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State of Freight analysts caution wariness as slow growth predicted


BLOOMINGTON, Ind.–In a webinar analyzing the current North American “state of freight” from a shipper perspective, FTR Transportation Intelligence analyst and senior consultant Noël Perry noted that the transportation industry faces the weakest recovery since 1965 and the 4th longest recovery time.

“We should all be wary about growth over next few years-it could be interrupted by recession,” Perry noted, adding that everyone has been operating at lower level over the last economic recovery in 2004, except for intermodal which is at a “new peak”. 

Trucking has been having some serious problems with fewer assets to move freight.

“The big difference from 2004 is that capacity utilization will last for more than a few quarters. if you’re trying to find trucks, that’s very hard right now. It’s a critically tight market. Any kind of interruption causes problems,” Perry noted.

Seasonal peaks are also becoming more problematic, and weather delays hasve “much more meaning.”

Both contract and spot rates have become strongly segmented, with extra demand increasingly pushed out into the spot market. 

Rail has been down in price, but we expect it to come up next year, Perry noted.

Shippers have indicated that the effect of the driver shortage is greater in the long haul segment.  Rates remain important until the threat of missed loads affects what shippers are willing to pay.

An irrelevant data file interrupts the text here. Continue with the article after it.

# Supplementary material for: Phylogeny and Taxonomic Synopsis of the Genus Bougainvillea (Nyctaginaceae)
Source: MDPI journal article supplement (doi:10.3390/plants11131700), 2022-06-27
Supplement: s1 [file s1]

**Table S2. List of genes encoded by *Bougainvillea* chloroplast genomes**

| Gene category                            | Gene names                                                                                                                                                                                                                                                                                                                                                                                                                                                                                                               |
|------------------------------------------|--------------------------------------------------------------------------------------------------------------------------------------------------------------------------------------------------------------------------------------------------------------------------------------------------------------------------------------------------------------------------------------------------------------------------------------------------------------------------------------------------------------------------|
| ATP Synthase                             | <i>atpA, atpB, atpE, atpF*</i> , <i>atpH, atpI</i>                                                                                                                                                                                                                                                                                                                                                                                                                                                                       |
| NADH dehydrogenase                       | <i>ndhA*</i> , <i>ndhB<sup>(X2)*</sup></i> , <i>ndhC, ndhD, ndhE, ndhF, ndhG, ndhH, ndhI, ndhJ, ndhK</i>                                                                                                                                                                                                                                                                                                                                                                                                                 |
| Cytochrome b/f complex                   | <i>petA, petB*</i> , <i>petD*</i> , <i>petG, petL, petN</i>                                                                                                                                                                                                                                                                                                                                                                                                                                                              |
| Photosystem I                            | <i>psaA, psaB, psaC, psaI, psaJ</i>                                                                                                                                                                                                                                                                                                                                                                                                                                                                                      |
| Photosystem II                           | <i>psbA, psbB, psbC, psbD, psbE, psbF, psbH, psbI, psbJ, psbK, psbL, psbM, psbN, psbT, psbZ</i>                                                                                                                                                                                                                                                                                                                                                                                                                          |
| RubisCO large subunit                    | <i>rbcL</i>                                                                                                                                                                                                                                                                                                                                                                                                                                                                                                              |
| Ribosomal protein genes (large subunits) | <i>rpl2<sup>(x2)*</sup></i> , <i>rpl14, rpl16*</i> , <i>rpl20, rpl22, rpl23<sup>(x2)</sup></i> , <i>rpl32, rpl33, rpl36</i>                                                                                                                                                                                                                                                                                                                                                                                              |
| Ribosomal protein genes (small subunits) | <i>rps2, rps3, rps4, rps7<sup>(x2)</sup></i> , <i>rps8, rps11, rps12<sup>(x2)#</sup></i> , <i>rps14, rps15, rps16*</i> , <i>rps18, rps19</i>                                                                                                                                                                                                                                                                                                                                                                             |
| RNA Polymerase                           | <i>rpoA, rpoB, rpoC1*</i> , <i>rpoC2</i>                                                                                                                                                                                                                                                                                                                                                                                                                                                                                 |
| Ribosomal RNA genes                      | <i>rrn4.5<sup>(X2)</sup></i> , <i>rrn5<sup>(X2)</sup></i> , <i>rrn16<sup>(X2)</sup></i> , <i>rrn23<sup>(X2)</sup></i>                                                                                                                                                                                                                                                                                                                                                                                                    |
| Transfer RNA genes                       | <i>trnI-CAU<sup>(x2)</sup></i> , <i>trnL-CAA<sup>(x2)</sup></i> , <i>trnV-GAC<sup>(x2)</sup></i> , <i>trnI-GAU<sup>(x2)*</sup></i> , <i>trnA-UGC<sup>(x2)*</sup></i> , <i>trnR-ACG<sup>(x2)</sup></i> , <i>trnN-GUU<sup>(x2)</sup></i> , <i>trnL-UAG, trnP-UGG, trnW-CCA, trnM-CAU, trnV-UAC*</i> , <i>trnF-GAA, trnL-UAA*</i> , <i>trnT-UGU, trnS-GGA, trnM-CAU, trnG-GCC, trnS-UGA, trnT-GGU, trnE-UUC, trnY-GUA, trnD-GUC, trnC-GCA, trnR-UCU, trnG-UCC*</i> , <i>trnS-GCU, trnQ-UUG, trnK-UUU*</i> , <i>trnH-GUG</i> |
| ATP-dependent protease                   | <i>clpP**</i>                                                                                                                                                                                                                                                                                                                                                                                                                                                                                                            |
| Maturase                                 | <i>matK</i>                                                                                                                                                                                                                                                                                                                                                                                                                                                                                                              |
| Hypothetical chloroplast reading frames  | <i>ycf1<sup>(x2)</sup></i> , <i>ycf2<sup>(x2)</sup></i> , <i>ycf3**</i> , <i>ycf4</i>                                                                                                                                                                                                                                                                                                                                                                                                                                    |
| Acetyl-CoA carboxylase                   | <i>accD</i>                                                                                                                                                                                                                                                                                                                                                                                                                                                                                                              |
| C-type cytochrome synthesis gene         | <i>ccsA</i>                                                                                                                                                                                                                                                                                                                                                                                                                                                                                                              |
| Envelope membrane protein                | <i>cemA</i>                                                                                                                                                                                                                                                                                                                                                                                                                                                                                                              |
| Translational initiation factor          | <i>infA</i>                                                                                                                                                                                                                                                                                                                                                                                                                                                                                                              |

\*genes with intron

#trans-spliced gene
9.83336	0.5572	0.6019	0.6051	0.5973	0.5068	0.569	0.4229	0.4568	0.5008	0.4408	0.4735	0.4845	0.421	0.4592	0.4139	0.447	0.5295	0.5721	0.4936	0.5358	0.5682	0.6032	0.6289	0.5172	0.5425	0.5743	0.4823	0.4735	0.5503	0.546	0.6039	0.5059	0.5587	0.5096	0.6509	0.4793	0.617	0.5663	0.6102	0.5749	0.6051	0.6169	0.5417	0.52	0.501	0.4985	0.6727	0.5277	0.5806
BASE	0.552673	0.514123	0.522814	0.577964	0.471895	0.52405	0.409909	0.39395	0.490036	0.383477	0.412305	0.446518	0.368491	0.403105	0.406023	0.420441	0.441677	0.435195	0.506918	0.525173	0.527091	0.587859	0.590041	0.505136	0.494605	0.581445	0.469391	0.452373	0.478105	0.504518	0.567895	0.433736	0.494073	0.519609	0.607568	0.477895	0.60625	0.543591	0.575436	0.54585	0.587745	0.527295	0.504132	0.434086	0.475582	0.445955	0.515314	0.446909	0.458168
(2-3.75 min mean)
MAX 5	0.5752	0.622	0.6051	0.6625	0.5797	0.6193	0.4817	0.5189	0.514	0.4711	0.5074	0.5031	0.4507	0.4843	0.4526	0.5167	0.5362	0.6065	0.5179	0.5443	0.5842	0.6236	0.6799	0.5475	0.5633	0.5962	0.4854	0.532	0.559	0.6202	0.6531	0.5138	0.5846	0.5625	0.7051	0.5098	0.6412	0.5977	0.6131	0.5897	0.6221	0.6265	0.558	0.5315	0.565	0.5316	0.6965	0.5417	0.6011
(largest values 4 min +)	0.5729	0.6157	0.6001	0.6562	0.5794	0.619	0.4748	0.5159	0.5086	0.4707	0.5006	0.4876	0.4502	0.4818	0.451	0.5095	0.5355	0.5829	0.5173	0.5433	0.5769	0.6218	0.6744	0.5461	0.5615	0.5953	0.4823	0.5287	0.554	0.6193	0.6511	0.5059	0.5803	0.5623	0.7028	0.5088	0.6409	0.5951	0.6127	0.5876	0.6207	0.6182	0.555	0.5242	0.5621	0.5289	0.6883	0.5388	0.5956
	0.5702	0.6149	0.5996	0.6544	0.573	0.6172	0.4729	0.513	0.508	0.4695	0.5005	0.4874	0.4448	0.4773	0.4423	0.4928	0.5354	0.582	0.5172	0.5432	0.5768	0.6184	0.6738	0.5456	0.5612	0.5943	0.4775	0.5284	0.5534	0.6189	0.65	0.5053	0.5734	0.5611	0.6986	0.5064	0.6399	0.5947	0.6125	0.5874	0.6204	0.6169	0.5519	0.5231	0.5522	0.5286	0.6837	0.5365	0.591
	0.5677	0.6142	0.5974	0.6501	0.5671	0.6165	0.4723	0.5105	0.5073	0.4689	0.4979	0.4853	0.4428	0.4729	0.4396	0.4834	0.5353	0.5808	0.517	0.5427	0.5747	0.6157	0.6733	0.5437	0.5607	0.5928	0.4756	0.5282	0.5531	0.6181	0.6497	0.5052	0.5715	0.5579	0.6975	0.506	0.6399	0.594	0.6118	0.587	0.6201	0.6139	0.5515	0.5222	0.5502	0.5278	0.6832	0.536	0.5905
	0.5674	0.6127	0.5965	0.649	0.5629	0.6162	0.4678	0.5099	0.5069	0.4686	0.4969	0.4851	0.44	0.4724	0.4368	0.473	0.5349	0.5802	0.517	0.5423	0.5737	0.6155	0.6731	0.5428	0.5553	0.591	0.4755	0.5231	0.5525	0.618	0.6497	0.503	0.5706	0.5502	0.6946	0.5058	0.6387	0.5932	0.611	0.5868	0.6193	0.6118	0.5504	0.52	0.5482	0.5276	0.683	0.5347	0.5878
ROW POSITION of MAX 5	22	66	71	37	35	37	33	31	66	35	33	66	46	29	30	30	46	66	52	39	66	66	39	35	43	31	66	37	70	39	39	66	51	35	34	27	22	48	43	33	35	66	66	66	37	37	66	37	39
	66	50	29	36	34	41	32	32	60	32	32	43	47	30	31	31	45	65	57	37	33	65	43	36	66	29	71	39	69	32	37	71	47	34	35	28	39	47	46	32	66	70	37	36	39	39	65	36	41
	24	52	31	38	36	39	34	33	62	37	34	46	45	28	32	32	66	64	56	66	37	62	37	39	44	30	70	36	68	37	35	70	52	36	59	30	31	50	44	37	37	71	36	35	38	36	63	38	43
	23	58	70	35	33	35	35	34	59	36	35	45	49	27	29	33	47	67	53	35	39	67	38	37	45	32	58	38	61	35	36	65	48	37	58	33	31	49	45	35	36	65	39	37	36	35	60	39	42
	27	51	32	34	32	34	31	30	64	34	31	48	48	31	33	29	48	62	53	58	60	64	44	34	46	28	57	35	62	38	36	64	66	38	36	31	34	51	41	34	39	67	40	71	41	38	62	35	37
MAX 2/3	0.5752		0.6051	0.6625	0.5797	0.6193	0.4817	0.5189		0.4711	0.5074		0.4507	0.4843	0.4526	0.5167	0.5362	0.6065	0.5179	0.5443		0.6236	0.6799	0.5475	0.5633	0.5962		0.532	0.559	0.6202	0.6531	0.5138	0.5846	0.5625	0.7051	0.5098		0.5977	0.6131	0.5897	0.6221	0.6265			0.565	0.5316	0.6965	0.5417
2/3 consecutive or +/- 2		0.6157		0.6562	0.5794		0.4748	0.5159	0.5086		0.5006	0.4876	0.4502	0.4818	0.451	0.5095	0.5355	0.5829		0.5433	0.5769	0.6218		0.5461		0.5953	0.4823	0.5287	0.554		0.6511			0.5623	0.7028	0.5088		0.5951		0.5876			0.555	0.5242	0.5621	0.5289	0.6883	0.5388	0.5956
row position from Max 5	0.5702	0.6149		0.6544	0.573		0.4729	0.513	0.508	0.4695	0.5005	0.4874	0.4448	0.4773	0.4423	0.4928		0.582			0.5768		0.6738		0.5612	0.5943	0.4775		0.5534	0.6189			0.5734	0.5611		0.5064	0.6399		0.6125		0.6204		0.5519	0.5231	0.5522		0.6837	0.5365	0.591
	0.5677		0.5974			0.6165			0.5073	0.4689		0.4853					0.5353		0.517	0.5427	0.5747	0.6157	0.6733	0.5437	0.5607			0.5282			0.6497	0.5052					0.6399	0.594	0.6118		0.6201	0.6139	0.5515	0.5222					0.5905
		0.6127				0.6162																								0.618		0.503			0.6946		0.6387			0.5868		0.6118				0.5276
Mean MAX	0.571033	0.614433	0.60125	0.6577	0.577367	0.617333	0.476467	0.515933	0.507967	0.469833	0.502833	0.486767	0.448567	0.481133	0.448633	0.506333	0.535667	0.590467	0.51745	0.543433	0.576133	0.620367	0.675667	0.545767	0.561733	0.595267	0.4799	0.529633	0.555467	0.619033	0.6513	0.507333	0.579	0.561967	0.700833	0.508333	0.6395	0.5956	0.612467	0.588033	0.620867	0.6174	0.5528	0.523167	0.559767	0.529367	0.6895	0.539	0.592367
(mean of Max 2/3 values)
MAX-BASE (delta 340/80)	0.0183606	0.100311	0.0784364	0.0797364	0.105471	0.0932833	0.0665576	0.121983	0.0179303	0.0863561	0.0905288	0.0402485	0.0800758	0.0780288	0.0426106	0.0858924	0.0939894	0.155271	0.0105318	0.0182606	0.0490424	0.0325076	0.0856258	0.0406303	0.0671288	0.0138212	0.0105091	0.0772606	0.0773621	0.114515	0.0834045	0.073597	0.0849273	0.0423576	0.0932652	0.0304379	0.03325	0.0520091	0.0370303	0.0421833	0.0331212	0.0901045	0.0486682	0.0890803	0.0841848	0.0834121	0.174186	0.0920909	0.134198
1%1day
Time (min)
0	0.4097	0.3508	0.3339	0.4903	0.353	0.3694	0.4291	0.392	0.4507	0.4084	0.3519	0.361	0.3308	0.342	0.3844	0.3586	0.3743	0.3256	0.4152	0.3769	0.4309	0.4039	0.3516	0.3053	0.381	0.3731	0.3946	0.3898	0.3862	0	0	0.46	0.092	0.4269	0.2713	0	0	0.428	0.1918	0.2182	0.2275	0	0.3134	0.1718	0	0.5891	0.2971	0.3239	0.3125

Carrying some inventory is cheaper than spot pricing. As a result, “people are holding a little bit more inventory rather than trying to find a truck. They are also beginning to use electronic tools to find carriers and assign loads,” said Perry. 

Shippers are trying to find more capacity using new tools, and they are maximizing their capacity at reasonable rate levels.

“There’s a big shift in the paradigm,” Perry said. 

Larry Gross, a senior consultant with FTR, said that service issues continue to plague the transportation industry.

“Right now it’s all about service or the lack thereof,” he said.

Overall rail service cannot improve until rail yard dwell times improve. 

“This message carries through with regard to train speeds, which have dropped significantly over the past two years. The polar vortex really walloped the industry but the problem was already starting by the 3rd quarter 2013,” he said.

Locomotives and crews are contributing to the problem.

“They are long lead items-the rail industry has a difficult time coping with increases in traffic. Things have started to accelerate into 2014 and the winter disruption added fuel to the fire,” said Gross. 

Intermodal train speeds are averaging only 28.3 miles/hr, and speeds are continuing to slowly decline.

The industry is not able to move any more than it is moving right now, Gross commented. 

On the high seas, it’s a situation of turmoil and overcapacity.

Mega-ship deliveries continue at a strong pace (Drewry projects a 7.6% increase in fleet capacity, mostly in 10,000+ TEU ships), and capacity will continue to grow faster than freight despite projected market improvement. Pressure from mega-ships is cascading “large” ships into Trans-Pacific (USWC and USEC via Suez) and North/South trades, said FTR.

Rates will continue to be under pressure and carrier profitability will continue to suffer.

A “relentless focus on cost reduction is the result  ans slow steaming is here to stay,” said the analysts.

China’s rejection of the P3 alliance led “scrambles the situation”, and means that volatility will continue, Gross commented.

At marine ports, shippers face problems “almost wherever they turn”, Gross said, and there is pressure on drayage drivers who cannot turn their loads fast enough, he said.

Ongoing threats of labour disputes at various West Coast ports creates continued uncertainty as well.